The best allies that sanity has right now are probably outside the US. Although the larger business community probably does not want generalized calamity to befall us. The recent actions of russia, China, Turkey and Saudi Arabia, plus the wheels coming off Pakistan, Afghanistan and Iraq also serve a sobering role in restraining the neocon’s hand.
    And who, exactly, is arguing for the ‘appeasement’ of Iran? Their nuclear program is being brought under the existing, international regulatory protocol, and there is no evidence that they are engaging in a nuclear weapons program. Yes, they had initiated this in secret, probably from concern of the US reaction.
    If the international nuclear safeguards are inadequate – and I would argue that they are far too lax – then they should be tightened for all nations. US behavior towards Israel, Pakistan and India show that there are multiple standards being applied.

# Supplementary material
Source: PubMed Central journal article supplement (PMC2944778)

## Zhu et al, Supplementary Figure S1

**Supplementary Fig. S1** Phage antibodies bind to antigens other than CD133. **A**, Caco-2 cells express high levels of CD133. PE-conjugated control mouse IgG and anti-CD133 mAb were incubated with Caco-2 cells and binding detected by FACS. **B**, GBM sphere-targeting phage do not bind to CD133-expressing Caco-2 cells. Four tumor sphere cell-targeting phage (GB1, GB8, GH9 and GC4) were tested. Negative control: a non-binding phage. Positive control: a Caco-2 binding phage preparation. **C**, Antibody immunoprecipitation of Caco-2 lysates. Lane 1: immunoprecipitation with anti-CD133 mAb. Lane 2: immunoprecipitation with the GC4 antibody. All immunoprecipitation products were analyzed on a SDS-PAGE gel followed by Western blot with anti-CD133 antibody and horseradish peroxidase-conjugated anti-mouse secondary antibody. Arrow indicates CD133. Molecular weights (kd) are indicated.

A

Any ‘Third Way’ will have to consist of working to expunge the most politicized appointees, hunkering down to try to survive, working with other states and NGOs, and prodigious leaking. And highly publicized resignations. Maybe some monkey wrenching.
    The administrations ‘policy’ orientation is naked power politics, and favoring unrestricted trade, extractive industries, their friends, and defense industries. They don’t want peace between Israel and the Palestinians. They are actively working to increase conflict throughout the Middle east and Islamic states. Any diplomacy or reliance on international structures is nothing more than a tactical feint. Foreign policy decisions are not crafted, refined or made at State, not now and not during this administration.
    Real men’s diplomacy doesn’t require parking three air craft carrier groups on someone’s doorstep. All hat and no cattle, that’s all they’ve got.

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  7. John Shreffler says:

    Steve,